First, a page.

David Price and Evan Longoria lift Tampa Bay Rays to playoffs with win over Texas Rangers.
By Jon Paul MorosiFoxSports
If recent history is any indication, Evan Longoria and David Price won’t enjoy tearful retirements — together — with the Tampa Bay Rays, the way Mariano Rivera and Andy Pettitte did in pinstripes a few days ago.
The Rays’ payroll and revenues are such that they trade stars who aren’t signed to long-term extensions. Longoria will stay a while, since he’s under contract through 2022. Price, on the other hand, is on track for free agency after the 2015 season. It’s conceivable that Price will be traded this winter, with the same two years of control James Shields had when he was shipped to the Royals last December.
So if Longoria and Price are going to win a World Series as Rays teammates — as Rivera and Pettitte did five times in New York — this might be their last chance. And they don’t intend to give up their dream easily.
The Rays have at least one game left in their 2013 season, and it is because of what Longoria and Price did Monday night at Rangers Ballpark. Longoria, extending his usual Game 162 heroics to Game 163, homered and finished a triple shy of the cycle. Price threw a complete game in the Rays’ 5-2 victory over the Texas Rangers — earning them a bid in Wednesday’s American League Wild Card Game and realizing a vision Price had when he awoke Monday morning.
Price said he imagined recording the final out and then finding Longoria at third base to celebrate — rather than the customary embrace with his catcher. When Price fulfilled the prophecy by retiring Nelson Cruz for the 27th out, he had tears in his eyes. Price remembered crying in exultation on a baseball field only twice before — once in a game against Michigan during his junior year at Vanderbilt, and again when he recorded the final out of the 2008 American League Championship Series.
Longoria didn’t find out about Price’s clairvoyance until after the game. Price said he thought about telling Longoria before the bottom of the ninth, but let’s be honest: With all the superstition in baseball, was there any chance of that?
"I didn’t want to jinx it,” Price said.
As for Longoria’s consistent success in the big moment, Price remarked, “He’s not scared of it.”
And so the Rays play on, with two superstars in their primes. Not many postseason entrants have elite, under-30 tandems of a bona-fide ace and lineup keystone. At this point, it hardly matters that the Rays finished the regular season with the lowest winning percentage of any AL postseason team. They have Longoria. They have Price. And they are, in the words of manager Joe Maddon, a “very dangerous” team to play in the postseason.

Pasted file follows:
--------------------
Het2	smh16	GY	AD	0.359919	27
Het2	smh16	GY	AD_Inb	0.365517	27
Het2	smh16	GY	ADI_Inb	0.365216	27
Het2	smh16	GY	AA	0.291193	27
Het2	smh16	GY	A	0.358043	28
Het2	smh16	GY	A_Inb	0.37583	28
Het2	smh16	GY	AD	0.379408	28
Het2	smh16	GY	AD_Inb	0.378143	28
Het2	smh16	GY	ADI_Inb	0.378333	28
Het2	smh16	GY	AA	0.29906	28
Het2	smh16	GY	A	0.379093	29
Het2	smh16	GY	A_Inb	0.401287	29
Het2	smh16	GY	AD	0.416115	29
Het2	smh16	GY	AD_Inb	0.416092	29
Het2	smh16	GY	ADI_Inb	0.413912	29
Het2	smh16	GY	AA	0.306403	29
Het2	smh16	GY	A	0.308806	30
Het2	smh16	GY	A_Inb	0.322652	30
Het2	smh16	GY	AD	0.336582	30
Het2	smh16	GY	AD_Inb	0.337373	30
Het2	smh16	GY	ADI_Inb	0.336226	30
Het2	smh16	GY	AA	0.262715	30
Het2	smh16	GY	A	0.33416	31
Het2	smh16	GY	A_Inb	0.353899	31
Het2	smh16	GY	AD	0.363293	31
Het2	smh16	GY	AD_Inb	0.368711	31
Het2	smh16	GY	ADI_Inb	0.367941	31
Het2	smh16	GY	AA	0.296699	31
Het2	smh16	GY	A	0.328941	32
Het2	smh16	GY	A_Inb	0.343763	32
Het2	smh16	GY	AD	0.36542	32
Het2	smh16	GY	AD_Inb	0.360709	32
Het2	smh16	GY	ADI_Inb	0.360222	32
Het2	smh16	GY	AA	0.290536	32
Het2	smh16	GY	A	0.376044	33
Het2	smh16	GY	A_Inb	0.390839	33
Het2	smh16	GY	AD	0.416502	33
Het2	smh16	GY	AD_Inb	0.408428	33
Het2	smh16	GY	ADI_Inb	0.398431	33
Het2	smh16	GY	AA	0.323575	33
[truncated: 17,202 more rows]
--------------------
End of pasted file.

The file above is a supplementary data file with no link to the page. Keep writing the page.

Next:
A few more thoughts from Texas:
• The Rangers face a complicated offseason. General manager Jon Daniels told me after the game that there’s “not a question” manager Ron Washington will be back in 2014. That settles that, but Daniels has many more decisions to make. How will he address an uncharacteristically meager offense, to say nothing of the Ian Kinsler/Elvis Andrus/Jurickson Profar middle infield logjam? Nelson Cruz and A.J. Pierzynski are pending free agents; if they depart, their production must be replaced. And this was not a particularly good year for the Rangers’ long-heralded farm system.
• Major League Baseball is lucky the Rays won. Otherwise, the postseason would have begun with more carping about umpiring blunders. The six-man crew made a blatant error in the seventh inning, when Delmon Young’s liner was incorrectly judged to have been caught by Texas center fielder Leonys Martin. Replays showed it bounced before Martin trapped it. “I get my eyes checked every year by the team,” Young told me afterward. “I could see it jogging to first.”
This type of play is expected to be reviewable once MLB expands instant replay next year. But it also bears mentioning that umpires are put at a disadvantage when they go from four-man crews (regular season) to the six-man alignment (tiebreakers and postseason), in which umpires are situated on the outfield baselines. Umpires aren’t expected to make calls from those angles all year long; then they are asked to do so in the biggest games of the season, as left-field ump Bruce Dreckman was Monday. (Atlanta fans saw the peril in this with the infamous infield fly in the NL Wild Card Game last year.)
MLB has good intentions with the six-man crew. They want to be as thorough as possible, and the umpires’ union loves the fact more of their own are rewarded with postseason assignments. But recent mistakes by outfield umpires — including Phil Cuzzi on Joe Mauer’s fair ball at Yankee Stadium in 2009 — make me wonder if the six-man crew is optimal for postseason play.
• Cruz received a thunderous standing ovation before his first plate appearance since the 50-game performance-enhancing drug suspension — proving again that hometown crowds are willing to forgive most any sin of their sports heroes. Maddon refused to take issue with the fact Cruz was back in the lineup.
“We just played A-Rod,” he noted.
In the end, it didn’t matter. Cruz went 0 for 4. He made the last out. Now he’s about to be a free agent. This might have been hello again and goodbye for good on the same night.
• Finally, two major congratulations are in order for Rays outfielders: David DeJesus is in the playoffs for the first time, after 1,277 regular-season games. He began the season with the Cubs and was traded twice — first to the Nationals, then the Rays. Meanwhile, call-up Kevin Kiermaier made his major league debut as a defensive replacement in the ninth inning. That’s right: Kiermaier has played one inning in the big leagues, and it ended with him celebrating a postseason berth in a mob with his teammates. The beauty of September roster expansion — and a manager who isn’t afraid to trust his players, however inexperienced they may be.